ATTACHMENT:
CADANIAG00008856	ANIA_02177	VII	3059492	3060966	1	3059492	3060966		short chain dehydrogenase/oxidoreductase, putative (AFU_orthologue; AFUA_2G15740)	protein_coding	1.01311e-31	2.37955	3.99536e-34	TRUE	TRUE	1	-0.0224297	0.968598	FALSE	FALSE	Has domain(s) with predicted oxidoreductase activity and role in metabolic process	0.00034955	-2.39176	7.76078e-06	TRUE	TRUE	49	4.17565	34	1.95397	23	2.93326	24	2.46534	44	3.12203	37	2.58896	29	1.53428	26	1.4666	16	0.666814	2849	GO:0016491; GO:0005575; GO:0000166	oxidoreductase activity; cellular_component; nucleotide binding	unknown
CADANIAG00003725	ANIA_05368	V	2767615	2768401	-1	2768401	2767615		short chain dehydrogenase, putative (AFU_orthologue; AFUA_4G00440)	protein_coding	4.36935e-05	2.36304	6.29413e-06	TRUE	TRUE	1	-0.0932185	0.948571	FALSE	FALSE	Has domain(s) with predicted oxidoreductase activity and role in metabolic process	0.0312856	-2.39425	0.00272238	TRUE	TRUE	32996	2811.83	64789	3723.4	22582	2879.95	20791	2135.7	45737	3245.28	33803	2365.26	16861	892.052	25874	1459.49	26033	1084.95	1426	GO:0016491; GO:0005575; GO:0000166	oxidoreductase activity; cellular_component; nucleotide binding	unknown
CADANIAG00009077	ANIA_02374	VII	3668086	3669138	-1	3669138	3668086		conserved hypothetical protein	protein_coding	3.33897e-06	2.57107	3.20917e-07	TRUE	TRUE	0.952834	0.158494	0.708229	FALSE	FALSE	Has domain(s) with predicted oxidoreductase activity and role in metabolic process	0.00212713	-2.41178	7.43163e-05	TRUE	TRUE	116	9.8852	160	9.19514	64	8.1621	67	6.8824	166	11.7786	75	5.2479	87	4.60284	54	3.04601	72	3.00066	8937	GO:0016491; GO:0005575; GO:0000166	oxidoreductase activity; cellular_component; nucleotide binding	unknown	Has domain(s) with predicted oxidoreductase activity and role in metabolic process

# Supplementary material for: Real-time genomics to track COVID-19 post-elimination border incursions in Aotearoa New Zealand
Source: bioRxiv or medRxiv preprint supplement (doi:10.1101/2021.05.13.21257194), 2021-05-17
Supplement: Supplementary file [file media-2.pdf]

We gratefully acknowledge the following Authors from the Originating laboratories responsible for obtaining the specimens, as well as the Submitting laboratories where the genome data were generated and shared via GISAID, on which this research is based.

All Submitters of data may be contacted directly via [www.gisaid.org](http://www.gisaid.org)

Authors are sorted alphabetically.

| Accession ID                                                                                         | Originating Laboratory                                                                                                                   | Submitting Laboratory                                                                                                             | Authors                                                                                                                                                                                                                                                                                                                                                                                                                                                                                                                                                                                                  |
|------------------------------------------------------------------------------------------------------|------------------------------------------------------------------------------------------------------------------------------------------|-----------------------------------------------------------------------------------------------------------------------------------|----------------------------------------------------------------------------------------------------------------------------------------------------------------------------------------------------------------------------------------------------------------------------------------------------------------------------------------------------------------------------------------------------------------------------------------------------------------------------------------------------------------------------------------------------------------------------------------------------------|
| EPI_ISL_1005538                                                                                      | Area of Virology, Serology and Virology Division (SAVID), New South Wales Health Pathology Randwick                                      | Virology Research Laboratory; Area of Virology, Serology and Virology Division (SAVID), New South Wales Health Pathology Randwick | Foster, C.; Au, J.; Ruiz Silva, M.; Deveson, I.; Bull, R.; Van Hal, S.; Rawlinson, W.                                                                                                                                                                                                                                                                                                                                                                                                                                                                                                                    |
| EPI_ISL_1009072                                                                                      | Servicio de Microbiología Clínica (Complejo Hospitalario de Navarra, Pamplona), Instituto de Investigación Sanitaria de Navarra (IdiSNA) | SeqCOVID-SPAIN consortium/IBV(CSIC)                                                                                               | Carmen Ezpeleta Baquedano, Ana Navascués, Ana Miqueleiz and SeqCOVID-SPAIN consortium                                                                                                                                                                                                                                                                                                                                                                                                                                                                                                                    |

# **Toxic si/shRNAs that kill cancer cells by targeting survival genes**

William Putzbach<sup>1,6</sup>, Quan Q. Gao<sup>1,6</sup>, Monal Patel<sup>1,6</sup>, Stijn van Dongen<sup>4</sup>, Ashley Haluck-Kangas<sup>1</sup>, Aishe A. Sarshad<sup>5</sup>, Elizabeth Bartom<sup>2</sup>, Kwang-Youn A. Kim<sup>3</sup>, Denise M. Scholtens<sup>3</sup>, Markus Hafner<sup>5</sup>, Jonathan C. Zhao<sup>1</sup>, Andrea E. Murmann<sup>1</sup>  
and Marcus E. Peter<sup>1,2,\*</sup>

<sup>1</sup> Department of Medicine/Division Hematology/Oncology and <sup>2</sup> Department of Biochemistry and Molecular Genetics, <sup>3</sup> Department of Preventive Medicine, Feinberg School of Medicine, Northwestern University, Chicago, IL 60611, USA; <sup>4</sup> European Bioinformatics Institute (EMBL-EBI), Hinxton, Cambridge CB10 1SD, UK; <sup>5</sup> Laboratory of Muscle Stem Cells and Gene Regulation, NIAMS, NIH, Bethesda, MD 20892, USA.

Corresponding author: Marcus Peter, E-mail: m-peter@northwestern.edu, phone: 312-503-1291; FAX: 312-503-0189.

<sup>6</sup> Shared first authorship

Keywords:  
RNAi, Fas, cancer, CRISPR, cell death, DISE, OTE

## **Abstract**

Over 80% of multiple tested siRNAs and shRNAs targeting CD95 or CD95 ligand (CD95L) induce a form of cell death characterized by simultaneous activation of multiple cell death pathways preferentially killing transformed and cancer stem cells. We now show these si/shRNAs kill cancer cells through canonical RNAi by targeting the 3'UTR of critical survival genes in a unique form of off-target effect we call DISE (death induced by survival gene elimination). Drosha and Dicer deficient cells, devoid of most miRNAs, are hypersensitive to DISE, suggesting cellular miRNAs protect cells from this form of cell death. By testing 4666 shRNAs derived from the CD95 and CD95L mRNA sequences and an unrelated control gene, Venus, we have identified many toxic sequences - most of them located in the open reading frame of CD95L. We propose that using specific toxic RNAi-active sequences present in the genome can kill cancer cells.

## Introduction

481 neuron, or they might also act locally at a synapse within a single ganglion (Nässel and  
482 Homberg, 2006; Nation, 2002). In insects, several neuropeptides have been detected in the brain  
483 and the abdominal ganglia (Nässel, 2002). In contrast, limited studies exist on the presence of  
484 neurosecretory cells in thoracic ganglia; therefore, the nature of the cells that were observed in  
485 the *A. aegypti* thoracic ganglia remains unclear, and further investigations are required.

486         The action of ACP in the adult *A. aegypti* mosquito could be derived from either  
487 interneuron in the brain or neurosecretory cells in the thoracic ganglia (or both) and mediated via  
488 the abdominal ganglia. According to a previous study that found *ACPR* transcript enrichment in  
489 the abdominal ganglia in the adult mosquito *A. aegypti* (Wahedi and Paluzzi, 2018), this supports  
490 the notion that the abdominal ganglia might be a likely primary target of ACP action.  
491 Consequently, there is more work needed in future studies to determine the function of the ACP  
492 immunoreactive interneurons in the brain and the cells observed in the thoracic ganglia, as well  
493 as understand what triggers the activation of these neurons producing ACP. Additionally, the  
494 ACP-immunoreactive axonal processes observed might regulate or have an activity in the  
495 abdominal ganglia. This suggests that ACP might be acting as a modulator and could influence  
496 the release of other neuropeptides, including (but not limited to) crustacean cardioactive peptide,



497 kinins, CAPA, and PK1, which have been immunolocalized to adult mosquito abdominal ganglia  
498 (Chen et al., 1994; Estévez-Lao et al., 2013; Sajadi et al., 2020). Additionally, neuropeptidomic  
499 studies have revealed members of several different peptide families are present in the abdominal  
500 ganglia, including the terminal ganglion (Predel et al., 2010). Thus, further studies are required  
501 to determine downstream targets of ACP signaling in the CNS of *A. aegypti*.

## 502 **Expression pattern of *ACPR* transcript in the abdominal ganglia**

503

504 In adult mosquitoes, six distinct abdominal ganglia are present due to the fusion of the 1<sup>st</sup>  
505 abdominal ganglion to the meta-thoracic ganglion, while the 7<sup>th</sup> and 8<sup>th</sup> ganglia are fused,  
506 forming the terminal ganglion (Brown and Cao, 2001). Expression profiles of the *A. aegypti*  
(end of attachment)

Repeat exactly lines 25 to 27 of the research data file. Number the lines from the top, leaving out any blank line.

481 neuron, or they might also act locally at a synapse within a single ganglion (Nässel and  
482 Homberg, 2006; Nation, 2002). In insects, several neuropeptides have been detected in the brain  
483 and the abdominal ganglia (Nässel, 2002). In contrast, limited studies exist on the presence of  